I omitted the fact that I had still another sister, Pamela, who had been evacuated with her school to Warminster, Wilts. She wrote quite often, and quite enjoyed herself for a while, Mummy visited her too, and sent us both pocket money regularly every week we were away. Pamela suddenly decided she was homesick, and wanted to come with me. We finally arrived at a decision, that she should move in with Mr. and Mrs. B. and Wendy, and that I should be placed in another billet. Naturally, I was thrilled, at last to be on my own.
We were allowed to go home for the occasional week-end and holidays, as the enemy had still not made an appearance over England. When we got back, Mr. B. took me to Mrs. Robertson, the billeting officer, who was also Elizabeth’s mother. She told us where to go, and said if the people weren’t home, to bring me back to her house. I prayed they wouldn’t answer the door, as I would have loved to have stayed in that beautiful white house on the hill. Mr. B. kept insistently ringing the bell though, and finally a woman with a broad Scotch accent came to the door. She said she hadn’t expected me so soon, but if I didn’t mind sleeping with her sister for a couple of months, I was welcome immediately. Being a rather shy child, I mention the fact that I could have stayed at Mrs. Robinson’s.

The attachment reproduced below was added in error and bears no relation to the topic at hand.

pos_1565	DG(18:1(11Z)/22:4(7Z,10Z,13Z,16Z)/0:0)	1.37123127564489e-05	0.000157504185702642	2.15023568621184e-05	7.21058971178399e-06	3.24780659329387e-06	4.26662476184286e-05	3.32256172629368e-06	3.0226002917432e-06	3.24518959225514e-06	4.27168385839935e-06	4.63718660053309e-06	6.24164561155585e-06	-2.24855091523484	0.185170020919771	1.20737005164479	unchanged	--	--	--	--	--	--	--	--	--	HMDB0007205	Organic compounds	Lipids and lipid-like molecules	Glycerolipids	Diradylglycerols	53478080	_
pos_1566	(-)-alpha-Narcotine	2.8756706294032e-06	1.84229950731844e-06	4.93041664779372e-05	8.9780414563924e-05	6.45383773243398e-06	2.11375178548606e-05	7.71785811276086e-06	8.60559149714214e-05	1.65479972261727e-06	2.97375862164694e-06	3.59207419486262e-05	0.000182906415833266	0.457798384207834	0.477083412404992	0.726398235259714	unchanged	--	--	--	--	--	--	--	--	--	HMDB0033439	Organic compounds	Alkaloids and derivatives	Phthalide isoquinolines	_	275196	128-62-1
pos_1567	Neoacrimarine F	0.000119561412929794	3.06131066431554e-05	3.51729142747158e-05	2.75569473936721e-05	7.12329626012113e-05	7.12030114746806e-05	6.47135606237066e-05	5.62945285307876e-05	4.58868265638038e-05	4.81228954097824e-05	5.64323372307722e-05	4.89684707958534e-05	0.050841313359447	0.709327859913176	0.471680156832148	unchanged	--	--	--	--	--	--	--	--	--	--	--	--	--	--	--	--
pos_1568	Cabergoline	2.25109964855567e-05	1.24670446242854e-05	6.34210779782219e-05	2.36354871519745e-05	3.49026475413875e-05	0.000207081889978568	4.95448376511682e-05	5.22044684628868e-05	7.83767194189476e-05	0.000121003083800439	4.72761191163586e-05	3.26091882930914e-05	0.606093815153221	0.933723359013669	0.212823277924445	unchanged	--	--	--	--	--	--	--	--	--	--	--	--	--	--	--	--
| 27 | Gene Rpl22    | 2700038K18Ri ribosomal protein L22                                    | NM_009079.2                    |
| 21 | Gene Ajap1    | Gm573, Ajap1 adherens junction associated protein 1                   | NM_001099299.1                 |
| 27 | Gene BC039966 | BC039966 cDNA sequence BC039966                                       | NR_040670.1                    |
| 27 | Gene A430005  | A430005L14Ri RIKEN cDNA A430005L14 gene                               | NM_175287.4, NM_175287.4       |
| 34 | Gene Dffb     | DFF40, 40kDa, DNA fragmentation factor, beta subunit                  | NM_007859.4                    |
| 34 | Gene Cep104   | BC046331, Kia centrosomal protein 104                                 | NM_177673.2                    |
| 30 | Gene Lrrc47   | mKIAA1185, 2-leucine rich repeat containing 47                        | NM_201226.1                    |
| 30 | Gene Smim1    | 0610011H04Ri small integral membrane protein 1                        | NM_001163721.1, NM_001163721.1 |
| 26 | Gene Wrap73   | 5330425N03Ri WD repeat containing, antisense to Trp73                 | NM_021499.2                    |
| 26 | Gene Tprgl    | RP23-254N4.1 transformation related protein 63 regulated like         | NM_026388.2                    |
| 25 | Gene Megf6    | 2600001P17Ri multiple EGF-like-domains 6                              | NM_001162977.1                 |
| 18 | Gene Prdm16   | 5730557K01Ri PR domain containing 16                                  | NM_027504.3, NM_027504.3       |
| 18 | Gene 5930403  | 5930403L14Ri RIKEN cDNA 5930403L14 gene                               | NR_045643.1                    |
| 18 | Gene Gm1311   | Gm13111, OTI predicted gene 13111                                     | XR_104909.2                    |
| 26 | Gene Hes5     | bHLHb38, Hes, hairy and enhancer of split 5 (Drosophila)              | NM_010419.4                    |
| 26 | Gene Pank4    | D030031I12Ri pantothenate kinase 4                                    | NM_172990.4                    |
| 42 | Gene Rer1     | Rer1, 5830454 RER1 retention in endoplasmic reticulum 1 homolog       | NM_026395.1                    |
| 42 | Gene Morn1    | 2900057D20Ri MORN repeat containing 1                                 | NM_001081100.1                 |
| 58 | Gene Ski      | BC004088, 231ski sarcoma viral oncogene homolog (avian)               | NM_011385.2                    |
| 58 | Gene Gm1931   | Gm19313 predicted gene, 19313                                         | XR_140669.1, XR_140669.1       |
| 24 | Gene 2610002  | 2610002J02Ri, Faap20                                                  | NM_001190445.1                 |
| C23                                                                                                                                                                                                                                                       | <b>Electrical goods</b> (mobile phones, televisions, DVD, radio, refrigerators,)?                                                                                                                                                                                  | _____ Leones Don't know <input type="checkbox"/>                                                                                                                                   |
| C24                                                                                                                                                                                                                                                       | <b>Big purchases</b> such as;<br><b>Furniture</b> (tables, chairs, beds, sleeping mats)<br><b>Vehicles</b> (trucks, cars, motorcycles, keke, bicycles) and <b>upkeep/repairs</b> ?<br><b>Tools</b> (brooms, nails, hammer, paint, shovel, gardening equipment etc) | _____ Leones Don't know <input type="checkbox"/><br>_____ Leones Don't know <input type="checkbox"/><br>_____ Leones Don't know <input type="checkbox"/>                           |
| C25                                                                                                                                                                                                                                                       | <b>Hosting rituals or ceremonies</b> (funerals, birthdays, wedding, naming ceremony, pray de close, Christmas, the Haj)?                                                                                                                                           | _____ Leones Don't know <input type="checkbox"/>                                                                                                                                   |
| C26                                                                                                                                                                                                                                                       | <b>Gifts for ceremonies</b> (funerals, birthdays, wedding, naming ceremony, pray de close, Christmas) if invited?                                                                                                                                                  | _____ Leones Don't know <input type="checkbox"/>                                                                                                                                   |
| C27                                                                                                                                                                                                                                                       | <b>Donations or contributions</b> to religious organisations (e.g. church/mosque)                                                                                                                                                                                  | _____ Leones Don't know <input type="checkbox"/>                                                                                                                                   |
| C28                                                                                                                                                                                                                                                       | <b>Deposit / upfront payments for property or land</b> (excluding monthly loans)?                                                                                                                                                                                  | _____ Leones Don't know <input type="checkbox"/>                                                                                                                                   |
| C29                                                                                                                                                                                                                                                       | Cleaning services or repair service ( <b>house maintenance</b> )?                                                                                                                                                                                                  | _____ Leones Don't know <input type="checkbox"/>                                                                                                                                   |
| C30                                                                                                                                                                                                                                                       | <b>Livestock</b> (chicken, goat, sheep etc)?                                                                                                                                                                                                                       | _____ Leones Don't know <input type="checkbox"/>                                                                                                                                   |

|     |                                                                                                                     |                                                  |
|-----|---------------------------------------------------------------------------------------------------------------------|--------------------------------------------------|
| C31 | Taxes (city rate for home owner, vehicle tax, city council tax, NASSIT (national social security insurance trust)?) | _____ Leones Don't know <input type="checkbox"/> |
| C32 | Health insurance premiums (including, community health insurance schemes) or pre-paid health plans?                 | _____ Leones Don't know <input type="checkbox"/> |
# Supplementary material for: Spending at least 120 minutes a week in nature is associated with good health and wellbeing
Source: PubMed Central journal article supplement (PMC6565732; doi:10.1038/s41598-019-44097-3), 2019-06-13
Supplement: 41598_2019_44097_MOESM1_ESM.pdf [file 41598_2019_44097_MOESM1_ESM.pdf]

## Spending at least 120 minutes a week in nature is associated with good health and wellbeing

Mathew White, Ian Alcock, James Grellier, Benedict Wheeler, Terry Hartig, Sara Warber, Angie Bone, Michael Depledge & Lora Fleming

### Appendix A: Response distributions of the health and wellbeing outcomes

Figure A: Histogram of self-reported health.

Mrs. Newbury introduced me to her sister who was a typical gaunt type Scots-woman, also to her husband, who was a likeable fellow, and their baby daughter, nicknamed Wendy. They had a nice house, which he had built himself, being a bricklayer. The room I shared with the sister was lovely, and I thought the coloured sheets were wonderful. The bathroom had an imitation black and white marble bath-tub, and flush handle on the toilet, instead of the old pull chain, which was in existence in most places, so it was very modern for England. It seemed like years before I had the bedroom to myself. Every night was the same routine. The sister would have the water bottle first, and finally give it to me when it had cooled off.